R. Christopher Teichler, Composer

The Greatest Composers: A Baker's Dozen

Hello! This is a post from my old WordPress blog from a few years back. I decided it was time to share it once again! Please share your thoughts! - Chris

The Greatest Composers: A Bakers Dozen (originally posted March 22, 2014)

Top Ten lists are everywhere. All over the internet you see: “Top Ten Greatest Movies,” or “Top Ten Greatest T.V. Shows” or “Top Ten Vacation Spots,” etc.  So, as we celebrate the 329th birthday of Johann Sebastien Bach, I decided to do my own Top Ten list of greatest composers!

Then I thought, “Top Ten” is sooo played; I need something different. Something more exciting. AHA! A “Top…..TWELVE!” Lots of things come in twelves: months of the year, school years (not counting kindergarten…), Christ’s disciples, donuts….

Donuts.

That’s when it hit me: what’s better than twelve donuts? Thirteen donuts. A Baker’s Dozen. And while twelve is a perfectly legitimate number to make a “best of” list, thirteen is more. And better. After all:

So what could be better than a list of the twelve greatest composers? Simple: thirteen. So here, in alphabetical order, is my “Baker’s Dozen List of the Greatest Composers,” along with a twitter-inspired 140 characters (or less) explanation:

1. Johann Sebastien Bach – Many consider Bach THE greatest, and rightly so: his craftsmanship is unmatched, and still having a rich depth of expression. Yoda of music.

2. Bela Bartok – A pioneer of ethnomusicology. “Music for Strings, Percussion and Celeste” and his quartets helped expand the technical palette of strings.

3. Ludwig van Beethoven – The greatest symphonies belong to him (esp. 3,5,7,9); not to mention his outstanding concerti, piano sonatas and string quartets. And deaf.

4. Johannes Brahms – The classical romantic. He owns a masterpiece in almost every genre, and was playing around with barlines long before Stravinsky was born.

5. Frederic Chopin – A prolific composer of piano music. His Preludes are among the most beloved piano literature. Virtuosic writing, yet carefully crafted.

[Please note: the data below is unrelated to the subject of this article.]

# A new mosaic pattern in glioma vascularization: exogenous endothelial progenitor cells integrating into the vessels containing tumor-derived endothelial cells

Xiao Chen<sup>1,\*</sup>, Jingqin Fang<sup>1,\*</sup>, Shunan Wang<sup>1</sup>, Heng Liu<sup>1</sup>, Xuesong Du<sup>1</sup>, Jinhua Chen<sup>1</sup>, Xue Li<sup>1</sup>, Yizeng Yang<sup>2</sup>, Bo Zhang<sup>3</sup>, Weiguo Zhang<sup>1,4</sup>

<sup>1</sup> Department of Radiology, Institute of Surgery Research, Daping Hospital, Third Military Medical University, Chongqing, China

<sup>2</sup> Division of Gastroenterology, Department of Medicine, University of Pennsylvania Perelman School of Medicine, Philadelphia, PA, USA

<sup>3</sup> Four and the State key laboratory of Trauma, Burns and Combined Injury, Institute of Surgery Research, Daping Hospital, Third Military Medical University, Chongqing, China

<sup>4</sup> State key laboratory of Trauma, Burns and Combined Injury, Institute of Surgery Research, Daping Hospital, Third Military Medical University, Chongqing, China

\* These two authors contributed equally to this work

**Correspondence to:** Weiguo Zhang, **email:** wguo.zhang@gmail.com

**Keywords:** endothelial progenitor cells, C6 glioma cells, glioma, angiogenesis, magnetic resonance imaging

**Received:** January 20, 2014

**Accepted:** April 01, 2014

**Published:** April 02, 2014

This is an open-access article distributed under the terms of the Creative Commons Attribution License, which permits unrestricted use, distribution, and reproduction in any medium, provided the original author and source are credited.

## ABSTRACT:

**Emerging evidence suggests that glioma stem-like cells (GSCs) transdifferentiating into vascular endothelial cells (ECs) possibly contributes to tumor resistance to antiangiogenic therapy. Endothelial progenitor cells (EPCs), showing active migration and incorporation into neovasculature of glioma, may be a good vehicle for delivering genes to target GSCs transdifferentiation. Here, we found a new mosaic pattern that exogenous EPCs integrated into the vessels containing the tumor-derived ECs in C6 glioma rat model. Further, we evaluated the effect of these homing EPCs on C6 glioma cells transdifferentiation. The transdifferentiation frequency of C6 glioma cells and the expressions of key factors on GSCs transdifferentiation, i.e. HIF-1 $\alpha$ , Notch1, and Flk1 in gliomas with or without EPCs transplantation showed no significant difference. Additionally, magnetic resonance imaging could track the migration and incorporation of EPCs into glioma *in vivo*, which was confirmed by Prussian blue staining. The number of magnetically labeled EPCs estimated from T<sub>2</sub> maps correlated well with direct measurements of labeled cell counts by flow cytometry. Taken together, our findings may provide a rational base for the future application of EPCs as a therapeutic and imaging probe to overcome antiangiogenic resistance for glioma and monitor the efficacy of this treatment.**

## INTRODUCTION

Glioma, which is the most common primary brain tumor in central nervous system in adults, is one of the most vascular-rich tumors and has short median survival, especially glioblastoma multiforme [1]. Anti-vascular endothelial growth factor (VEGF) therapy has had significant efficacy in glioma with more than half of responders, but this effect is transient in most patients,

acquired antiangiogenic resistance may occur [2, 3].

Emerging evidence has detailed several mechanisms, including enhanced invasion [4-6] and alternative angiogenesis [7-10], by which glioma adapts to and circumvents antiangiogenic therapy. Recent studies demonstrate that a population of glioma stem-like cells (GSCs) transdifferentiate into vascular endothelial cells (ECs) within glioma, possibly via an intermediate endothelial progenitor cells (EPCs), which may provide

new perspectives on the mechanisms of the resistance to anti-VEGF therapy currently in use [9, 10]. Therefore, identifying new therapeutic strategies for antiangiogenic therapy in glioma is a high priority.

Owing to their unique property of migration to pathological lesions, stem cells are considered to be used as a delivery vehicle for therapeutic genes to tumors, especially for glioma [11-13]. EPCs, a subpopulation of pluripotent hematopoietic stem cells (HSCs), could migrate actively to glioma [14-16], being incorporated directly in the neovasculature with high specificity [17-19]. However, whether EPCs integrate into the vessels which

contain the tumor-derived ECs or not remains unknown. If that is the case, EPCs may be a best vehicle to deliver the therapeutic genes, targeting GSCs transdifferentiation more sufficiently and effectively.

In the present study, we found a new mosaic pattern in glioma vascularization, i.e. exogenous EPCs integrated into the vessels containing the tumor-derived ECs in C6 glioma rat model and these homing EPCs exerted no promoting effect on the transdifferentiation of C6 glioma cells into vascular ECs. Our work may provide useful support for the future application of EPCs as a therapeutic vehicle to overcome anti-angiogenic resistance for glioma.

6. Claude Debussy – Revolutionary in how he treated harmony and texture. He is the musical bridge from the Romantic Period and the 20th Century styles. La Mer.

7. George Frideric Handel – The “Hallelujah” chorus might be the most recognizable piece of classical music. The only other baroque composer in the league of J.S. Bach.

8. Franz Joseph Haydn – Basically invented the symphony, and wrote 104 of them. When you’re admired by Mozart and Beethoven, you know you’re doing something right.

9. Wolfgang Amadeus Mozart – Symphonies, string quartets, operas, piano sonatas, all so seemingly effortless. If he lived past 35, music is probably different today.

10. Franz Peter Schubert – A bridge from classical to romantic, remarkably prolific in instrumental and vocal music. An “unfinished” life, tragically dying at 31.

11. Robert Schumann – Despite a lifetime of fighting major depression, a large output of art songs, symphonies and piano works. The consummate romantic composer.

12. Igor Stravinsky – Groundbreaking in treatment of rhythm, harmony, tonality. Masterpieces in instrumental and choral music. Mastered every technique he tried.

13. Richard Wagner – Love him or hate him, there’s no denying his impact and influence. “Epic” is too small a word for his operas. Master of the “Leitmotif.”

There you have it. My “Baker’s Dozen” of the greatest composers. What do you think? Who might you switch out and why?

 

Time to get some donuts.

 

Comments

I respect figures such as Poulenc and certain parts of Stravinsky (like Apollo Musagate), but do not love them. The same is true for people such as Prokofiev and (especially) Shostakovich. I tend to go backwards in order to go forwards since our culture has abandoned the "great tradition" in general in all areas (music, theology, visual arts, poetry, history etc...). As out of step as it may seem, I truly the believe that Western art music peaked between the late Renascence through Beethoven and Schubert with the "classical Romantics" a sort of last hurrah.
Thanks for the feedback, Aaron! Interesting that Sibelius is the most recent composer on your list. Based on your favorites, have you ever looked at Neoclassic composers? There are some gems in there that have been overlooked because of the academy's focus on the serial tree.
Here is my list: 1. Bach 2. Handel 3. Haydn 4. Mozart 5. Beethoven 6. Brahms 7. Mendelssohn 8. Schubert 9. Telemann 10. Monteverdi 11. Palestrina 12. Dvořák 13. Josquin Honorable Mention: Pérotin, the three Sch's (Schein, Scheidt, Schütz), Ockeghem, Couperin, Rameau, D. Scarlatti, Dufay, Schumann, Sibelius, Chopin, Frescobaldi, Lully, Purcell Also, the phrase for Handel "the only other Baroque composer in the league of J.S. Bach" I think is a bit of an overstatement. I think Telemann's best work, and the work of composers such as Frescobaldi and Purcell stack up better than we would like to admit...

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